I list these activities among the objectives that I will share with Bruce—continuing as a mentor for TWP and writing an essay about my role—as well as other aims that have emerged from the things I’m learning and connections I’m making in the program. As I do, I realize that all of my work with narrative, including my short story, serves one overarching goal: to share what I know with a broader audience than my academic work will ever reach.  I write “investigate story-telling as a form of public scholarship” as a header for my objectives and send off the document, nervous about how it will be received, but pleased with what I’m setting out to do.

The next morning, I sit down with Bruce in his office, where floor-to-ceiling bookshelves are lined with cultural theory and literary criticism. I lead with my storytelling aims. He examines my list of objectives as I chatter on about narrative as a promising vehicle for public scholarship. When I am through, he has only two words for me.

“Makes sense,” he says. Writing fiction officially becomes part of my scholarly work.

July 2013:  The sun now wakes me at an hour that no reasonable person could consider “morning,” and I pop out of bed to write—not fiction, which has fallen by the wayside as I have gotten excited about my new research project, but a proposal to the National Science Foundation for five years of funding under their Early Career Development Grant program. If I get the CAREER Award, perhaps the most prestigious grant available to an individual investigator in my field, I will have the resources to work with air-monitoring activists to better mobilize the large quantities of data they now have access to—something that I fantasize about in my TWP essay with Rachel Zurer, “Drowning in Data.”

As I sit in my sun-yellow office, writing manically throughout the long Seattle days, I struggle with managing the flow of information in the grant proposal.  I have been taught to make the research question and the rationale for it unmistakable from the first paragraph, but my question comes from noticing changes in activist discourse over more than a decade. I write and re-write that all-important first paragraph to give the reader enough background to understand my question while at the same time not overwhelming them with detail before they get to the crux of what I hope to accomplish.  Finally I achieve a draft that I think strikes a reasonable balance between background and brevity in the first paragraph. I send it off to Ben Cohen, a colleague who has been successful getting grants from the NSF in the past.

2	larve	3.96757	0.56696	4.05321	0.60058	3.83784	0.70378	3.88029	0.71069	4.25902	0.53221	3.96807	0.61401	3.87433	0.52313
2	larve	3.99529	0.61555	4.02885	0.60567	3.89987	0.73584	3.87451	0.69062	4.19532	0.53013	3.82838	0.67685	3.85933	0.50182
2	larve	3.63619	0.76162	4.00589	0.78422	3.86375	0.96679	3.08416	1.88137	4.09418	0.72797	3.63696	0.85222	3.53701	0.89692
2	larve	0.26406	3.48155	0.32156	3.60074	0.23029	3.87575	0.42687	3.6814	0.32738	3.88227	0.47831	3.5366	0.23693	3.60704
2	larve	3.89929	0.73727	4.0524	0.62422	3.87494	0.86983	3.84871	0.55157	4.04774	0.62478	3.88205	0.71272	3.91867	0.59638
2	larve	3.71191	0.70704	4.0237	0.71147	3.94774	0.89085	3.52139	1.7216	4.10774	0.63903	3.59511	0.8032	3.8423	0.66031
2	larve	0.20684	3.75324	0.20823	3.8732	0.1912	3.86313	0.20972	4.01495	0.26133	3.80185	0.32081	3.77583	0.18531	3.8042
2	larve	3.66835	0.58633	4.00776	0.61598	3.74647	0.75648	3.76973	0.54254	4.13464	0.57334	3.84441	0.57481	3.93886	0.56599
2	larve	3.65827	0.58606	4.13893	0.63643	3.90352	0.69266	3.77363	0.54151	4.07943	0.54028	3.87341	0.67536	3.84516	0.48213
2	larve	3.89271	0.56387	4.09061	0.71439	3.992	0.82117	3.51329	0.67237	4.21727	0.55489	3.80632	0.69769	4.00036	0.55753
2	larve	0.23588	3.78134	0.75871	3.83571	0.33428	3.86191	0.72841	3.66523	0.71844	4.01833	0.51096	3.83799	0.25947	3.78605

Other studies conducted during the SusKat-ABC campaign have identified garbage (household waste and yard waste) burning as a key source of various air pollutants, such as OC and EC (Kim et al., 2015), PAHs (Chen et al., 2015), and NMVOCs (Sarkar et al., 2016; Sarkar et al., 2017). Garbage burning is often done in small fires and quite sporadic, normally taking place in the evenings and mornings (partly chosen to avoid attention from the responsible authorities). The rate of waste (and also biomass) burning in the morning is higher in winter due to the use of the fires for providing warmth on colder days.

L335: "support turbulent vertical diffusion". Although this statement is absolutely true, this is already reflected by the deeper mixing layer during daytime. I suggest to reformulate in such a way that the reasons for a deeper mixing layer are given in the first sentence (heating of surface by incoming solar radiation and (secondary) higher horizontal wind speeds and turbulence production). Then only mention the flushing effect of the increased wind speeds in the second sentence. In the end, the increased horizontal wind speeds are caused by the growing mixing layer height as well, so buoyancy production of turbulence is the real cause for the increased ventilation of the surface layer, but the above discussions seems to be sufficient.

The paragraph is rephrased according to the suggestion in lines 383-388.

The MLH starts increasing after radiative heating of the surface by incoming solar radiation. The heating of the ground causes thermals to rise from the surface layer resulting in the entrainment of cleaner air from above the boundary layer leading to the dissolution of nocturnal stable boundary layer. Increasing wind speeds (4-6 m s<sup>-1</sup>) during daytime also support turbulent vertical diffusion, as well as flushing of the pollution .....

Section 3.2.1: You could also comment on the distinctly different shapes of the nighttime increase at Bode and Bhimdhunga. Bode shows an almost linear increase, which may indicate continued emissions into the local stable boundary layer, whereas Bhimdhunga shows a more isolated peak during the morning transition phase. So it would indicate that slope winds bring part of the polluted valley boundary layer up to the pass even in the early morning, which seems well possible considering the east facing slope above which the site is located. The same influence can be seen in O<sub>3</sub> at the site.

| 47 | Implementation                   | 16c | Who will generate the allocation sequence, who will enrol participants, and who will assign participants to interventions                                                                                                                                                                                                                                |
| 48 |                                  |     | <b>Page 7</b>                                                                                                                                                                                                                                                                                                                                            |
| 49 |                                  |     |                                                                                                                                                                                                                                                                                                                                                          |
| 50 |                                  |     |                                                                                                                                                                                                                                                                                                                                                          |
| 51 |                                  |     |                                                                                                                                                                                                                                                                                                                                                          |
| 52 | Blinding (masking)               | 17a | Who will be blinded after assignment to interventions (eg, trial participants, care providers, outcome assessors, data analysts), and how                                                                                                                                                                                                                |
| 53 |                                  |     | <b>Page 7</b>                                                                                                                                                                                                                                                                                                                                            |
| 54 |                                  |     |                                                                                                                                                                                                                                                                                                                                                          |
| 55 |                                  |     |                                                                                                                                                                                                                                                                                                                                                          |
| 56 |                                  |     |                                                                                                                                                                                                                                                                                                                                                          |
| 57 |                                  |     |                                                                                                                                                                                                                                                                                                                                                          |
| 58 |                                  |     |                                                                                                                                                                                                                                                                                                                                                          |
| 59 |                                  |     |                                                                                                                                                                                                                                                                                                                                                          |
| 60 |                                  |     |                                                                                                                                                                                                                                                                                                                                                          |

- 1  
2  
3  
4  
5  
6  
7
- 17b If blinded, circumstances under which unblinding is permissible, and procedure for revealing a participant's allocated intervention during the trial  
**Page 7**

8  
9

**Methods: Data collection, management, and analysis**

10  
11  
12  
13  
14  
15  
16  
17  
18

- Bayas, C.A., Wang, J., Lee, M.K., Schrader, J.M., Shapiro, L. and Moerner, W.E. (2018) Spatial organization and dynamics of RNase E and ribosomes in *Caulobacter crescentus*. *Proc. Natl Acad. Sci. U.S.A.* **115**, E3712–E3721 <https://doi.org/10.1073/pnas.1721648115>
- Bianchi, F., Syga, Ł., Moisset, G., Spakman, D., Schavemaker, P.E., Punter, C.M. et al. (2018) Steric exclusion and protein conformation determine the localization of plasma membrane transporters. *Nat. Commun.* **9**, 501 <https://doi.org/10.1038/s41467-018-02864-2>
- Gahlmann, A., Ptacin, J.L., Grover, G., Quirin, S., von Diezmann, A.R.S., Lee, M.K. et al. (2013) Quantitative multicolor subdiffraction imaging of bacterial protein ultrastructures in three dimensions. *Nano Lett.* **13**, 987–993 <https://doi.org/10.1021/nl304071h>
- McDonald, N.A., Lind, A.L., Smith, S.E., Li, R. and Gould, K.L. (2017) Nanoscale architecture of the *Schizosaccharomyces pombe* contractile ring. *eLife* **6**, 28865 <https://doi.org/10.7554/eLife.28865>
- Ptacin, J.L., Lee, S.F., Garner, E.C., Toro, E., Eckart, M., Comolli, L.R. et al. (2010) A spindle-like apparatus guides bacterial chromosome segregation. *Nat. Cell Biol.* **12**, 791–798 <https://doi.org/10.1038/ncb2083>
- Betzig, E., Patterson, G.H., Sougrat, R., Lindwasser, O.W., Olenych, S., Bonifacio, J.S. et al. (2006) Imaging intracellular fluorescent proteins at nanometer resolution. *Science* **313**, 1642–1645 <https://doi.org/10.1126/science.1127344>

When we speak a few days later, Ben has lots of ideas about how I can improve my proposal.  But he doesn’t comment on how I’ve managed the first paragraph; instead, he remarks on a story I started a couple pages in.  That, he said, was where the proposal really got compelling.  I should start with that.

His suggestion goes against everything I know about writing grant proposals, but Ben points out that, in addressing the NSF’s question about the “broader impacts” of my work, I said that I would write creative nonfiction articles as well as academic ones, citing the experience I’ve gained through TWP. Starting with my narrative, he argues, will further my case by demonstrating the story-telling abilities I’ve been cultivating.

I take his advice.  The project description I submit to the NSF begins with the story of a 1994 accident at a California oil refinery and how air monitoring practices developed in its wake.  I don’t expect my proposal to be successful—CAREER awards are notoriously hard to get—but I am pleased to have set myself an agenda for the next several years that includes everything I’ve always wanted to do … except write fiction.